There's a path near a river in my hometown. Around a foot wide at most, cutting across a sharp slope, it was a frequently used byway when I was a child. Through the neighbours' back yard, across their street, and just around a low-lying wall and handrail preventing people from falling into over the edge into the valley. We'd descend, one hand on the wall to steady us. Stinger nettles occasionally brushed bare legs; other times we'd slip, shorts and sneakers dirt-smeared. Navigating under bridges, across rocks in the river, we avoided sidewalks and blacktop and driveways and town squares and anywhere stamped with that distinctly human "for us by us" structure and logic.

I thought of that path two or three days ago for the first time in maybe 10, maybe 12 years. It came to me for no reason as I stood in the shower washing my hair and listening to the radio. Just the opening of the path, the tree to the left, the colour of the wall, the sensation of setting out upon it first foot first. Not only that: the sensation of then. All at once. Strong, real. More complex and rich than memories I've had of a million other things. This little tiny path that I used to walk. The sensation of there, then. Not here, now. I can't even write what that means. How are you supposed to write life? How are you supposed to write time? What words could do that justice? If I could write a poem about it, what reader wouldn't see a path of his own?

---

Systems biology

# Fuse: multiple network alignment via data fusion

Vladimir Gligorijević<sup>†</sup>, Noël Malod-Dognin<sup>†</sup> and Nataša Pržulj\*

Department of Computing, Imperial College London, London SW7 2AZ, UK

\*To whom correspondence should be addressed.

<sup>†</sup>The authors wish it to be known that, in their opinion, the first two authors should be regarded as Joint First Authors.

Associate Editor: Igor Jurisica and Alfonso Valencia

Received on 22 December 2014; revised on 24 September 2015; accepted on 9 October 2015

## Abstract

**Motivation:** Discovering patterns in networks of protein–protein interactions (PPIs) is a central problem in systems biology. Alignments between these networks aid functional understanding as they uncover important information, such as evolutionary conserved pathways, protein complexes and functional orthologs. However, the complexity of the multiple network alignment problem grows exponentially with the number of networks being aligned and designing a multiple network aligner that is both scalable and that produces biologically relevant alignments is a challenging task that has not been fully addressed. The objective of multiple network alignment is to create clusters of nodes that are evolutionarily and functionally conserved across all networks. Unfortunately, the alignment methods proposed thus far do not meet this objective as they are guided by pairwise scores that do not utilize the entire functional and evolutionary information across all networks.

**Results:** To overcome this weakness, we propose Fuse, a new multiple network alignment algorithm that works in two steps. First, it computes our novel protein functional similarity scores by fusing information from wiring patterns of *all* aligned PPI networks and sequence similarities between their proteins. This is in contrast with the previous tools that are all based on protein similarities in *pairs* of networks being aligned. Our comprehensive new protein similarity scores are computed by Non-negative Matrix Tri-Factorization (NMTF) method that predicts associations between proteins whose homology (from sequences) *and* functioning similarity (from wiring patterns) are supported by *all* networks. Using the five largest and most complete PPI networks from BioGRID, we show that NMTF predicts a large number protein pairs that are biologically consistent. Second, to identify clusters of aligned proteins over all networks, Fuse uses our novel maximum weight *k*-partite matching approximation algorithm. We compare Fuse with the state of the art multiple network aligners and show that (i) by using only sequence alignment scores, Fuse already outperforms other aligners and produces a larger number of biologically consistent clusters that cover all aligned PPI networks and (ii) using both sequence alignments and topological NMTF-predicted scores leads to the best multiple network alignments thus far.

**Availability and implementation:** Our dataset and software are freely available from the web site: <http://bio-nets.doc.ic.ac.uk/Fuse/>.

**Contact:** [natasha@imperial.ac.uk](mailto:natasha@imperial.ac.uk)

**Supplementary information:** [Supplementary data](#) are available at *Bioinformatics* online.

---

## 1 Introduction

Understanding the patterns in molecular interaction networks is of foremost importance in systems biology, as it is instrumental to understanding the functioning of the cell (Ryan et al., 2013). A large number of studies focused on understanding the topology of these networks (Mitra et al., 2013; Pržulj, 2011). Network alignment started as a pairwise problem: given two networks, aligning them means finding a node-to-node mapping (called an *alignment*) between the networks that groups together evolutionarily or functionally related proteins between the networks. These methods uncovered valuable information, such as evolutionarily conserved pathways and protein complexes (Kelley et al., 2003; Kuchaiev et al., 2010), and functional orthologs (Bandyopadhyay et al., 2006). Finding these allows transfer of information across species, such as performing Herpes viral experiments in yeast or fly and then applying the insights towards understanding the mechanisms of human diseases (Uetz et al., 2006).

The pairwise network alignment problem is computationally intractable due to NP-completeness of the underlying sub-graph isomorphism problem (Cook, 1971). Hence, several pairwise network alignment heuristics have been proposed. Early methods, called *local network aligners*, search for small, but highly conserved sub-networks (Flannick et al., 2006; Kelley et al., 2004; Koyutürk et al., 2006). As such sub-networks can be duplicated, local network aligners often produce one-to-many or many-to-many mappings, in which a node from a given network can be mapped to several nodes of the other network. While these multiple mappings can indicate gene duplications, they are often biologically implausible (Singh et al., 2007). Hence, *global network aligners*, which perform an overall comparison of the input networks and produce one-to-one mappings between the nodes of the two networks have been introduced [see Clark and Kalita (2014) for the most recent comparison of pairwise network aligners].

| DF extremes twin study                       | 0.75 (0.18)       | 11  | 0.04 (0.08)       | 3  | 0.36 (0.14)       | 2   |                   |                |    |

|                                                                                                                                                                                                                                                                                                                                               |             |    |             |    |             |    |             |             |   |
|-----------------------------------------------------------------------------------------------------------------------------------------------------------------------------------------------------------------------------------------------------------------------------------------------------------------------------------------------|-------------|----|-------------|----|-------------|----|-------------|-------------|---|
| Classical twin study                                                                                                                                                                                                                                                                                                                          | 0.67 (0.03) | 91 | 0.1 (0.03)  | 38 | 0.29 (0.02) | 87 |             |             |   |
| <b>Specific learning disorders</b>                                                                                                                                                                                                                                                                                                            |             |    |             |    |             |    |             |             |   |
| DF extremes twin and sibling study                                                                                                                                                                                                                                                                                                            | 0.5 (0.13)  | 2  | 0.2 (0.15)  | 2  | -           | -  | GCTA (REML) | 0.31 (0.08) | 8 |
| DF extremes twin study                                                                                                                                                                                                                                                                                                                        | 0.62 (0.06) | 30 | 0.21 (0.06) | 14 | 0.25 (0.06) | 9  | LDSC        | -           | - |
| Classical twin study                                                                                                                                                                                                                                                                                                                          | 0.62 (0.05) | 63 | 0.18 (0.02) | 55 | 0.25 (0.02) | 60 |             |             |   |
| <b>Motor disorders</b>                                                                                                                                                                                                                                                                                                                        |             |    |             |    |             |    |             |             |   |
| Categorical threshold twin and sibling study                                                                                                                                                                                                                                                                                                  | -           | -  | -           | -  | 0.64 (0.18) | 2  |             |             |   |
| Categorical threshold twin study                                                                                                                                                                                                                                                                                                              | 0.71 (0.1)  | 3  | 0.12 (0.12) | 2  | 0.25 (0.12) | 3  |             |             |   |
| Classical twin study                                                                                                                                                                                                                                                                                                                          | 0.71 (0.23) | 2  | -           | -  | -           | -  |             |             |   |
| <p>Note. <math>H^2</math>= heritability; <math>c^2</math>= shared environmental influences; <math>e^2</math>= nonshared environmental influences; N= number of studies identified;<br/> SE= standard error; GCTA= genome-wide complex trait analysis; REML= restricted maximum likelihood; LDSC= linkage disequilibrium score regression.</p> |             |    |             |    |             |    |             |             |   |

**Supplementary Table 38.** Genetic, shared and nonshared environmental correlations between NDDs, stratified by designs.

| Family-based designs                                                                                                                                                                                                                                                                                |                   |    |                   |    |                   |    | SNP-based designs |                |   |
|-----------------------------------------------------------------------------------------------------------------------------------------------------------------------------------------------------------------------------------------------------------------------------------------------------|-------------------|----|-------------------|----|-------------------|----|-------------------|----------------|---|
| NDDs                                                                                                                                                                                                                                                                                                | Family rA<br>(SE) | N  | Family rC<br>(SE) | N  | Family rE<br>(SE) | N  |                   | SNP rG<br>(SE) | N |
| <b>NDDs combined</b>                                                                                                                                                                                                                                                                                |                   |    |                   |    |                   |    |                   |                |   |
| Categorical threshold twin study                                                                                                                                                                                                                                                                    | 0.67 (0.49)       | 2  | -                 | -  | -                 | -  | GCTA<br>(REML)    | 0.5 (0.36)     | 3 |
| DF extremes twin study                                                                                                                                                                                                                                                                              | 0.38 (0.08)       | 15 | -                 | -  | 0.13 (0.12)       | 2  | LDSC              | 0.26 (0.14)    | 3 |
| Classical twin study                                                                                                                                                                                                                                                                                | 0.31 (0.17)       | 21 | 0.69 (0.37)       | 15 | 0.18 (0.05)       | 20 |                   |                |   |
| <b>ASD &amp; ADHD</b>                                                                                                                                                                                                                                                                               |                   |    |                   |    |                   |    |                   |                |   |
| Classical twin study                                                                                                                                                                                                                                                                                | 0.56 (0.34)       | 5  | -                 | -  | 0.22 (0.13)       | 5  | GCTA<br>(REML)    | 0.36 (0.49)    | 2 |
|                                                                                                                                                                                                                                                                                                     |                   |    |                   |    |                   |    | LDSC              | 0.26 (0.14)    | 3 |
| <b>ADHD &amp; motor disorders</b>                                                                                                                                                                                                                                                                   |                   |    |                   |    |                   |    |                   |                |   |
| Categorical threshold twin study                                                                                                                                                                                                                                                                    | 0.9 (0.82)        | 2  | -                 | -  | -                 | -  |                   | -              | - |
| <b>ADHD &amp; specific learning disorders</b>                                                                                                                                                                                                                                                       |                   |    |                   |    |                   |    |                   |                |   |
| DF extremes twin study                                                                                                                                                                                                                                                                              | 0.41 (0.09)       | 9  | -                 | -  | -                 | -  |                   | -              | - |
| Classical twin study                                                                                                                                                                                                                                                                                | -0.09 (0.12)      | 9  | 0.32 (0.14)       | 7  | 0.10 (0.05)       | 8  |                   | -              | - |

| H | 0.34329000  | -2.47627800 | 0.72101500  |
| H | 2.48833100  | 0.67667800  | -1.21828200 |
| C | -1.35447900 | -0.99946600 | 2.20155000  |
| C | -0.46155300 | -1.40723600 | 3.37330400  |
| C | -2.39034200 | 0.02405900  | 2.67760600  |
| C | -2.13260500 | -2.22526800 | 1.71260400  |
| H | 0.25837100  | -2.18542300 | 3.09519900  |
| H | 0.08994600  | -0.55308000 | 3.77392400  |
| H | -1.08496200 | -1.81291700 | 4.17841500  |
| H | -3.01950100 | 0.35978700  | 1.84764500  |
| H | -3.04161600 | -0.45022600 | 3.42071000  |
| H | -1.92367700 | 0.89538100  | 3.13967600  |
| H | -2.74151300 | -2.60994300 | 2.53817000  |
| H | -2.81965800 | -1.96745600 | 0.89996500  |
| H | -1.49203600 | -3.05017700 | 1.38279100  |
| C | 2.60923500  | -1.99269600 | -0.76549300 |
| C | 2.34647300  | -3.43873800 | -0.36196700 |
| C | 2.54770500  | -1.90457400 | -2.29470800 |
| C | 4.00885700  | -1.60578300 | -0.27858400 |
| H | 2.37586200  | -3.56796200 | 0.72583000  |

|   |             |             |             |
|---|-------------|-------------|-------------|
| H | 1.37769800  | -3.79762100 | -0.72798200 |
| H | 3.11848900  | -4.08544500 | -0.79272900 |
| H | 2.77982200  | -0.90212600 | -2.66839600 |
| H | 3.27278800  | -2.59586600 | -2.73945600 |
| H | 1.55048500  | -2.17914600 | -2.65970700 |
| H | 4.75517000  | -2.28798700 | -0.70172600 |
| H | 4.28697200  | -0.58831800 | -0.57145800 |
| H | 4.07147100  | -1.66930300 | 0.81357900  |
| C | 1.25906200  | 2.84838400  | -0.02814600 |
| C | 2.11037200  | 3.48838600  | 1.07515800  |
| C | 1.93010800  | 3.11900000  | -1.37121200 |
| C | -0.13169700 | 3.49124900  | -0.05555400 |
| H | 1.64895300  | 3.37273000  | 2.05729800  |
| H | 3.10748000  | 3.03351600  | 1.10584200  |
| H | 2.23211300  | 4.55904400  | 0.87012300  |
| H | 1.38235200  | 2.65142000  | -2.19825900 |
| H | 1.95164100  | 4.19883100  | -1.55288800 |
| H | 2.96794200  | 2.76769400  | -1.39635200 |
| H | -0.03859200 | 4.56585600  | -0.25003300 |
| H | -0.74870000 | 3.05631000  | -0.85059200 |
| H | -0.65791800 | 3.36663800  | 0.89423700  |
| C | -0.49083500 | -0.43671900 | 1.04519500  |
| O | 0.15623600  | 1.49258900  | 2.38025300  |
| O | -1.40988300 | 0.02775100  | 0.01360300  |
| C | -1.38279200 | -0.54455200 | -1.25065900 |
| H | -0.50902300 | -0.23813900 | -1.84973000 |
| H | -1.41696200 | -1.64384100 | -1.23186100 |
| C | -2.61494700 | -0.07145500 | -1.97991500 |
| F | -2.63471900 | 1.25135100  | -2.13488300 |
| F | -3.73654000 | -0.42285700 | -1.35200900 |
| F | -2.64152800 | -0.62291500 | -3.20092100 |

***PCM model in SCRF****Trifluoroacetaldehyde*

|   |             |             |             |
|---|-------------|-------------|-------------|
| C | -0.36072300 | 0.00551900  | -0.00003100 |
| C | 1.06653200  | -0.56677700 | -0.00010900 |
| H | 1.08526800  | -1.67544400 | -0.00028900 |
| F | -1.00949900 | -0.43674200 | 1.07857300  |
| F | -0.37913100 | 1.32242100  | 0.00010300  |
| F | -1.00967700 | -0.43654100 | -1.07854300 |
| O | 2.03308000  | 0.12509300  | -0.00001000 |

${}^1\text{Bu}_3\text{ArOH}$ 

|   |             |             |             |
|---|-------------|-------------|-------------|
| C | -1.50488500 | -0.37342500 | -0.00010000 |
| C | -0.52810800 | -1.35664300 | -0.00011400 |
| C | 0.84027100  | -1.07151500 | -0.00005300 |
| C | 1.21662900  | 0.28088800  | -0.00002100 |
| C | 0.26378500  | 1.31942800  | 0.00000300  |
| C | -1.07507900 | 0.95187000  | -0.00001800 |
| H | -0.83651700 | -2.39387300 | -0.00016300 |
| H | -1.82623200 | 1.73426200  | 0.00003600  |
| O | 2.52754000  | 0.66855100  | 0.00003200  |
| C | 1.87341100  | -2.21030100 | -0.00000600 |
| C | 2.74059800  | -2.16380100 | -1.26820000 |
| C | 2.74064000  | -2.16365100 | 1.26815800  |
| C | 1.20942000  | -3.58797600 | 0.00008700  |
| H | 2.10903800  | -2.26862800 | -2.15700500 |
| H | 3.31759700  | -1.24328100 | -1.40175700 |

It faded as quickly as it had come back to me. Standing there motionless, ridiculous with shampoo-spiked hair, I considered going back and walking that path on a lark the next time I end up at home. The thought of doing that filled me with a sorrow I could barely fight off. Even now, I'm saddened remembering that remembering and feeling this forgetting. It was replaced by a question: if I could make a three-dimensional map of my world, what would it look like? What areas would be illuminated, what ones covered in shade? How would its shape have changed in the last ten years? Could a path the width of my forearm ever dwarf a highway? What else have I forgotten? I need to know before I forget the need itself. You never know what's lost until you remember a detail that didn't matter when it was yours.

If I could condense the sound of every motion I'll ever make, every word I'll ever speak, ever cry I'll ever utter, into five minutes and hear it, what would it sound like? Not as a song from beginning to end, but a loop of everything at once. Sometimes I think of life itself, life with other people, in terms of sound, music, harmony, dissonance, and most importantly resonance. Would that sound be the singing of the spheres brought down to earth? Would it be beautiful or ugly? Could it be both at once? I feel like it would scorch me and stop my heart. At least that's what I hope.

Orders of business:

I feel different now.